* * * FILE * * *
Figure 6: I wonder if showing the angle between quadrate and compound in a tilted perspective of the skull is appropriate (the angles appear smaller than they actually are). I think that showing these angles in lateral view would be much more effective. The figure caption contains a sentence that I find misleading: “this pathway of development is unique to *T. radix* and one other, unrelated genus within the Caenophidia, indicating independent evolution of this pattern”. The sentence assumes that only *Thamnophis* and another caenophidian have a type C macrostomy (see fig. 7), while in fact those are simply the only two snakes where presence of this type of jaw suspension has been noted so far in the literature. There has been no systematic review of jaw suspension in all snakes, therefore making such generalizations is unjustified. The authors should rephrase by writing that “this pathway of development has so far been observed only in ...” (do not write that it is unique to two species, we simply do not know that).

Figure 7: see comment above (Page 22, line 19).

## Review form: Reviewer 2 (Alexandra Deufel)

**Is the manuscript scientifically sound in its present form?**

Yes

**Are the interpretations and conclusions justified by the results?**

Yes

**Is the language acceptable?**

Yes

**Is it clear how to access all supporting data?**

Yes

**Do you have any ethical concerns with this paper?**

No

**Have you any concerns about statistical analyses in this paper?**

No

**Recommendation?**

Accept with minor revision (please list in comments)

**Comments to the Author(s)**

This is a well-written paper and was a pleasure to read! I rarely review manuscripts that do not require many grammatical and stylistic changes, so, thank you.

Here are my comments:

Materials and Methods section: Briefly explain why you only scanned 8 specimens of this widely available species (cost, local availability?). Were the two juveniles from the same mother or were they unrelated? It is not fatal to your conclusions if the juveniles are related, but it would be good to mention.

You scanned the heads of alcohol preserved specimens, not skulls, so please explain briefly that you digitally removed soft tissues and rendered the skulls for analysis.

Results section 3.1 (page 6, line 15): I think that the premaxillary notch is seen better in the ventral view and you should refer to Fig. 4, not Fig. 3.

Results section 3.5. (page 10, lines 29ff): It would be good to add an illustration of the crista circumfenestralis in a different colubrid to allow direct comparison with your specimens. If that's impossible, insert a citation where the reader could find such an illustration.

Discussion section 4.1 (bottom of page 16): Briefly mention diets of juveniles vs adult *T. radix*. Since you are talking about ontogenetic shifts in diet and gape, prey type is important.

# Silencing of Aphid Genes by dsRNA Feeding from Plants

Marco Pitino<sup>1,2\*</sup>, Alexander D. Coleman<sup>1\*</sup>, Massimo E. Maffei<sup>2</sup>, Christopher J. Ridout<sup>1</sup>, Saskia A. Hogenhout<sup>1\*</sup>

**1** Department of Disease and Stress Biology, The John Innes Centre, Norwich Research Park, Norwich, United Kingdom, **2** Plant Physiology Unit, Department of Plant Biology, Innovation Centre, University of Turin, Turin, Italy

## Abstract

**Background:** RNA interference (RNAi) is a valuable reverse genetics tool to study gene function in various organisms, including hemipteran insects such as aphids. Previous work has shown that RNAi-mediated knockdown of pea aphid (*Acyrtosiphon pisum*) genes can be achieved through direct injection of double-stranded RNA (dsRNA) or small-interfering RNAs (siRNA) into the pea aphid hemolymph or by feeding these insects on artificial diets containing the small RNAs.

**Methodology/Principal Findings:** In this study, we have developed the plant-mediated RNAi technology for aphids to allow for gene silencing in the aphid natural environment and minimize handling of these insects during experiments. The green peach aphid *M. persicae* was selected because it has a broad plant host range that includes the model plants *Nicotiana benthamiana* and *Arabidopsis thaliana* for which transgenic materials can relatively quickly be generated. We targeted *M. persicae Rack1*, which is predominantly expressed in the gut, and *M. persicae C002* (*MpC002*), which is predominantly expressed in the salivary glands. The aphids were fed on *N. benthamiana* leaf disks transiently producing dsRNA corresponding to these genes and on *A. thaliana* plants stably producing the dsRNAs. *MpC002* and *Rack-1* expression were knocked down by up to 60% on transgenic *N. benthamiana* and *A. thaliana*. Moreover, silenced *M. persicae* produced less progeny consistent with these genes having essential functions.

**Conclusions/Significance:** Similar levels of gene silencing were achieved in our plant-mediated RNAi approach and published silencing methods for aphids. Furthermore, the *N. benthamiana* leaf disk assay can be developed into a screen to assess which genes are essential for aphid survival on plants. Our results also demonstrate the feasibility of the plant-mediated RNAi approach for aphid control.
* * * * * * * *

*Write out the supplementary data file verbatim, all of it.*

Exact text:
Figure 6: I wonder if showing the angle between quadrate and compound in a tilted perspective of the skull is appropriate (the angles appear smaller than they actually are). I think that showing these angles in lateral view would be much more effective. The figure caption contains a sentence that I find misleading: “this pathway of development is unique to *T. radix* and one other, unrelated genus within the Caenophidia, indicating independent evolution of this pattern”. The sentence assumes that only *Thamnophis* and another caenophidian have a type C macrostomy (see fig. 7), while in fact those are simply the only two snakes where presence of this type of jaw suspension has been noted so far in the literature. There has been no systematic review of jaw suspension in all snakes, therefore making such generalizations is unjustified. The authors should rephrase by writing that “this pathway of development has so far been observed only in ...” (do not write that it is unique to two species, we simply do not know that).

Figure 7: see comment above (Page 22, line 19).

## Review form: Reviewer 2 (Alexandra Deufel)

**Is the manuscript scientifically sound in its present form?**

Yes

**Are the interpretations and conclusions justified by the results?**

Yes

**Is the language acceptable?**

Yes

**Is it clear how to access all supporting data?**

Yes

**Do you have any ethical concerns with this paper?**

No

**Have you any concerns about statistical analyses in this paper?**

No

**Recommendation?**

Accept with minor revision (please list in comments)

**Comments to the Author(s)**

This is a well-written paper and was a pleasure to read! I rarely review manuscripts that do not require many grammatical and stylistic changes, so, thank you.

Here are my comments:

Materials and Methods section: Briefly explain why you only scanned 8 specimens of this widely available species (cost, local availability?). Were the two juveniles from the same mother or were they unrelated? It is not fatal to your conclusions if the juveniles are related, but it would be good to mention.

You scanned the heads of alcohol preserved specimens, not skulls, so please explain briefly that you digitally removed soft tissues and rendered the skulls for analysis.

Results section 3.1 (page 6, line 15): I think that the premaxillary notch is seen better in the ventral view and you should refer to Fig. 4, not Fig. 3.

Results section 3.5. (page 10, lines 29ff): It would be good to add an illustration of the crista circumfenestralis in a different colubrid to allow direct comparison with your specimens. If that's impossible, insert a citation where the reader could find such an illustration.

Discussion section 4.1 (bottom of page 16): Briefly mention diets of juveniles vs adult *T. radix*. Since you are talking about ontogenetic shifts in diet and gape, prey type is important.

# Silencing of Aphid Genes by dsRNA Feeding from Plants

Marco Pitino<sup>1,2\*</sup>, Alexander D. Coleman<sup>1\*</sup>, Massimo E. Maffei<sup>2</sup>, Christopher J. Ridout<sup>1</sup>, Saskia A. Hogenhout<sup>1\*</sup>

**1** Department of Disease and Stress Biology, The John Innes Centre, Norwich Research Park, Norwich, United Kingdom, **2** Plant Physiology Unit, Department of Plant Biology, Innovation Centre, University of Turin, Turin, Italy

## Abstract

**Background:** RNA interference (RNAi) is a valuable reverse genetics tool to study gene function in various organisms, including hemipteran insects such as aphids. Previous work has shown that RNAi-mediated knockdown of pea aphid (*Acyrtosiphon pisum*) genes can be achieved through direct injection of double-stranded RNA (dsRNA) or small-interfering RNAs (siRNA) into the pea aphid hemolymph or by feeding these insects on artificial diets containing the small RNAs.

**Methodology/Principal Findings:** In this study, we have developed the plant-mediated RNAi technology for aphids to allow for gene silencing in the aphid natural environment and minimize handling of these insects during experiments. The green peach aphid *M. persicae* was selected because it has a broad plant host range that includes the model plants *Nicotiana benthamiana* and *Arabidopsis thaliana* for which transgenic materials can relatively quickly be generated. We targeted *M. persicae Rack1*, which is predominantly expressed in the gut, and *M. persicae C002* (*MpC002*), which is predominantly expressed in the salivary glands. The aphids were fed on *N. benthamiana* leaf disks transiently producing dsRNA corresponding to these genes and on *A. thaliana* plants stably producing the dsRNAs. *MpC002* and *Rack-1* expression were knocked down by up to 60% on transgenic *N. benthamiana* and *A. thaliana*. Moreover, silenced *M. persicae* produced less progeny consistent with these genes having essential functions.

**Conclusions/Significance:** Similar levels of gene silencing were achieved in our plant-mediated RNAi approach and published silencing methods for aphids. Furthermore, the *N. benthamiana* leaf disk assay can be developed into a screen to assess which genes are essential for aphid survival on plants. Our results also demonstrate the feasibility of the plant-mediated RNAi approach for aphid control.